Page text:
The Journal of Solar Energy Engineering (JSEE) publishes Technical Papers of permanent interest in all areas of renewable energy and energy conservation as well as Discussions of policy and regulatory issues that affect renewable energy technologies and their implementation. Solar Energy has been defined in its broader context to include renewable as well as end-use efficiency. “Energy Conservation and Solar Buildings” is one of 13 topological areas of JSEE. %The present issue is a logical extension of a previous JSEE special issue edited by David Claridge (Vol. 120, August 1998) which covered “Methods for Analysis of Measured Energy Data in Commercial Buildings” largely meant to satisfy the exploding field of energy performance contracting. Papers in that issue covered various techniques for collecting field data, graphical display of data, energy use modeling of secondary building systems (using statistical regression, calibrated simulation and artificial neural networks), and determining energy savings and associated uncertainty resulting from various energy conservation measures in commercial buildings. Recently, another very important application area is slowly emerging: how does one design and operate buildings in an optimal manner during the course of their life cycle? The intent of this issue is to assemble a list of salient technical, both original and review, papers which center around the general theme: Emerging Trends in Commercial Building Design, Diagnosis, and Operation, and include various topics such as recent concepts in solar building design, operation of solar integrated photovoltaic systems, calibrated simulation of energy use in buildings, building commissioning, active and passive methods of controlling building loads either by using the inherent thermal mass of the building structure itself or by using cool storage systems, modeling and fault detection of chillers and air handlers, control of air distribution systems, distributed electrical generation, and issues in indoor air quality and mitigation techniques. A wide variety of modeling, analysis and optimization methods, both traditional as well as adapted from the domain of artificial intelligence, have been compiled in this issue, which includes 16 technical papers, and one discussion paper.

The magnitude of energy use in buildings and the extent to which it is used inefficiently is well known by professionals in this field, but much less appreciated by engineers and scientists outside this area. Several hundred billion dollars are spent annually in the U.S. to maintain engineered systems. In the residential, commercial, industrial and public works sectors, this number is about $120 billion/year. In the specific large commercial/institutional sector alone, which is the primary focus area of this issue, over $40 billion is spent annually, of which about $5.5 billion is in the HVAC&R area. Buildings in the U.S. consume about 36% of the total energy use (of which 14% is in commercial buildings) and 66% of the total electricity generated (of which 32% is in commercial buildings). Further, it is estimated that building energy use is the direct cause for half of the CO2 emissions (which contributes to global warming) and a third of the SO2 emissions (which leads to acid rain). Published reports and studies have consistently indicated that 15–25% of this energy use can be easily saved by state-of-the-art and cost-effective energy conservation and proper building operation practices. The Electric Power Research Institute (EPRI) estimates that 8–10% of the national energy budget for commercial buildings is related to inefficient operation of HVAC equipment. Additionally, using computer simulations and field measurements, EPRI estimates that changes in energy consumption in the range of 10 to 35% is not uncommon due to minor adjustments in equipment and controls.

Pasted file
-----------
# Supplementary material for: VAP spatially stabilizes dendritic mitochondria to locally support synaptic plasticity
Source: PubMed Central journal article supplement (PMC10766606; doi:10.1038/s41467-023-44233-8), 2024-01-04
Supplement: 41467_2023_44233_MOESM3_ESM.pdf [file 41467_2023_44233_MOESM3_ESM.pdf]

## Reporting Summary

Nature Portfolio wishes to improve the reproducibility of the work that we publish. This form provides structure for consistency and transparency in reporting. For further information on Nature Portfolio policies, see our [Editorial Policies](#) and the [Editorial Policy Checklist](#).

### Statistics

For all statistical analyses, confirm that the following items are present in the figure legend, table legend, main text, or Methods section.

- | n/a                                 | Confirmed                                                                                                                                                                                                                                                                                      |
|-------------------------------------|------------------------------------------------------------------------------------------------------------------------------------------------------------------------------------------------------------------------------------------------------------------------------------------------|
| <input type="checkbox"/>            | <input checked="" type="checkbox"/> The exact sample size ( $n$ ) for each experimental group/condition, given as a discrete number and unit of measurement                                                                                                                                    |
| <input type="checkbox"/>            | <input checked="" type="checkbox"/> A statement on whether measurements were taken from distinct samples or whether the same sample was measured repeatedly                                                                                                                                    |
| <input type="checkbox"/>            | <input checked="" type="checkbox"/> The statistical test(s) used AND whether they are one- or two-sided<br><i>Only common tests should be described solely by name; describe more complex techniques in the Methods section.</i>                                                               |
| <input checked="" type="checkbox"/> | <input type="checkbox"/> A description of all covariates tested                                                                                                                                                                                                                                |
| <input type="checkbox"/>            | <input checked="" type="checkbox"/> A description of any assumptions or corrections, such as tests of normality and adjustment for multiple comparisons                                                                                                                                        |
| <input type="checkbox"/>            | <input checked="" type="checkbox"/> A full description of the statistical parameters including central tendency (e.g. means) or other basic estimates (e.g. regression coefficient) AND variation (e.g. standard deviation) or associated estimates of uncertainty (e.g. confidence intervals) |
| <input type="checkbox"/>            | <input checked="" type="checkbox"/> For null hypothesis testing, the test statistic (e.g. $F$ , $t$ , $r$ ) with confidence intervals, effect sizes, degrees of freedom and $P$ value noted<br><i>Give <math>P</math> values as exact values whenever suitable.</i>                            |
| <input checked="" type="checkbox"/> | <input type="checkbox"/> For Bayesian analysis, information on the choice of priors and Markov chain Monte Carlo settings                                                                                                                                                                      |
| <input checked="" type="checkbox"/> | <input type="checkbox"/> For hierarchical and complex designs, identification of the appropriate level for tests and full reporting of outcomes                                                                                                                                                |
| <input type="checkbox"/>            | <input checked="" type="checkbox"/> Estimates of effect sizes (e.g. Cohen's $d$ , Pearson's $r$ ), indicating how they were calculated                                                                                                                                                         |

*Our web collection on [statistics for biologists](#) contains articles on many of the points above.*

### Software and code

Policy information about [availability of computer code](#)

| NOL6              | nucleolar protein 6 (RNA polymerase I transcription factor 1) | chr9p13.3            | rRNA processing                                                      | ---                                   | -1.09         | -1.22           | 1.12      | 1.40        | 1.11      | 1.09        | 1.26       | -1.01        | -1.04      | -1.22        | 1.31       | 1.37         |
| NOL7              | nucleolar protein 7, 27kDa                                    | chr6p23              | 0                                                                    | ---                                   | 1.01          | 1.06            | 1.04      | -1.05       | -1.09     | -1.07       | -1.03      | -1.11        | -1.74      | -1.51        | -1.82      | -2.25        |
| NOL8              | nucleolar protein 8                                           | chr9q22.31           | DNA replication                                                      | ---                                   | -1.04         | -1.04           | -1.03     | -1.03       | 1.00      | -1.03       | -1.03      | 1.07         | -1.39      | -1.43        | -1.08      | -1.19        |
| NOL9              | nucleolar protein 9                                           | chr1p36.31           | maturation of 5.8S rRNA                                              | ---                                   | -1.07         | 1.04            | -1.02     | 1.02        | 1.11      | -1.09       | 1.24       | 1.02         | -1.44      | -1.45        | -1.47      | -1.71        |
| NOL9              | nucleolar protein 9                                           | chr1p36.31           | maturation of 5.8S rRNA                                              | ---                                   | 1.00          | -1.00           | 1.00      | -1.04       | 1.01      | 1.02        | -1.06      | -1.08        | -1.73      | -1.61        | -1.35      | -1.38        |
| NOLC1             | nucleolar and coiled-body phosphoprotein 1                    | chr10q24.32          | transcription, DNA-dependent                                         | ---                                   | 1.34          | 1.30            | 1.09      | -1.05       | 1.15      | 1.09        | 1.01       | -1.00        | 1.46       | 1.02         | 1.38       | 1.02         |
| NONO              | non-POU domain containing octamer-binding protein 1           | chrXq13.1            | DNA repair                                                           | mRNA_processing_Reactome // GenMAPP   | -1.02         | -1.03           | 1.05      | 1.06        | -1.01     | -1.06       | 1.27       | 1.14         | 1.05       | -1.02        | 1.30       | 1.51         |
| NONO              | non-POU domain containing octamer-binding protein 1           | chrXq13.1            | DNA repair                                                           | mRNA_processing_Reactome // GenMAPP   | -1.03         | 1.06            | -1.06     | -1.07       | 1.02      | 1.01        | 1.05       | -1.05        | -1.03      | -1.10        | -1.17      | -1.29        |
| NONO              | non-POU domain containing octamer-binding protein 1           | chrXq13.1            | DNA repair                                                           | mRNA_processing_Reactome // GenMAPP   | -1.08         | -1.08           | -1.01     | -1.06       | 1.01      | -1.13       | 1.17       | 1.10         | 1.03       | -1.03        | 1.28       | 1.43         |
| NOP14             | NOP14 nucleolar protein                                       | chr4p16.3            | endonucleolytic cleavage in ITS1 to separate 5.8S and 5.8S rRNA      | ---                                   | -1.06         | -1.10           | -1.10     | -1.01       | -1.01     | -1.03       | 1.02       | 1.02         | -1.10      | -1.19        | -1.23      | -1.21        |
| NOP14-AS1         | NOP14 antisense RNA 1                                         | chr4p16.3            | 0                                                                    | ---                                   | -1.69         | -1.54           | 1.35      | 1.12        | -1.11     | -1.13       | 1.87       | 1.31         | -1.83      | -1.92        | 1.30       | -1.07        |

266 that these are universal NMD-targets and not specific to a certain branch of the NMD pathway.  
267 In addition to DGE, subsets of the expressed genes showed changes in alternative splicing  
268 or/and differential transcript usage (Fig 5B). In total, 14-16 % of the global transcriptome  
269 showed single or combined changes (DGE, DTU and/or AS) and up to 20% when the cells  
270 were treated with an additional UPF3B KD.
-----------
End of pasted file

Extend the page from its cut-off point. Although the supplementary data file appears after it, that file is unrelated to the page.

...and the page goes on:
The last two decades witnessed the rapid development of computer based applications and the corresponding permeation of decision support methodologies as reflected in numerous related disciplines and programs by federal agencies, private companies, and educational programs. Not only has this process changed the quantitative balance among the professionals involved in the development and maintenance of systems; but has also led to a transformation of optimal design and operational mentality of professionals working in different domains of engineering. It is no surprise, therefore, that there is increased emphasis on using information technology within the HVAC&R industry for scheduling, parts tracking, billing, and personnel management. This has provided an infrastructure and a higher expectation for the use of quantifiable information for better design, operation, control and decision-making of the various mechanical and electrical systems in buildings. Finally, the structure of the industry that provides services for the operation and maintenance of buildings is changing. Companies are consolidating and offering whole-building operation and maintenance packages. In addition, utilities are in the process of being deregulated and are beginning to offer new services, which could ultimately include complete facility management. The cost-to-benefit ratio for intelligent supervisory networks is improving as the industry moves toward large organizations managing the operations and maintenance of many buildings. Also, buildings of the future will increasingly use distributed energy production options such as micro gas turbines, PV and fuel cells coupled with more intelligent integration of building systems. The papers in this issue should be viewed against this backdrop of integrated design and intelligent operation of building systems. %The efforts of several people were critical in compiling this special issue. The authors are to be commended on meeting the various strict deadlines. Also, my sincere thanks to the various anonymous reviewers for their behind-the-scene devotion and time commitment necessary to assure the high quality of the printed articles. Finally, I would like to personally thank Dr. Jane Davidson, the Editor of JSEE, for not only suggesting the need for such an issue, but also for providing much needed advice and suggestions during the entire process of assembling it.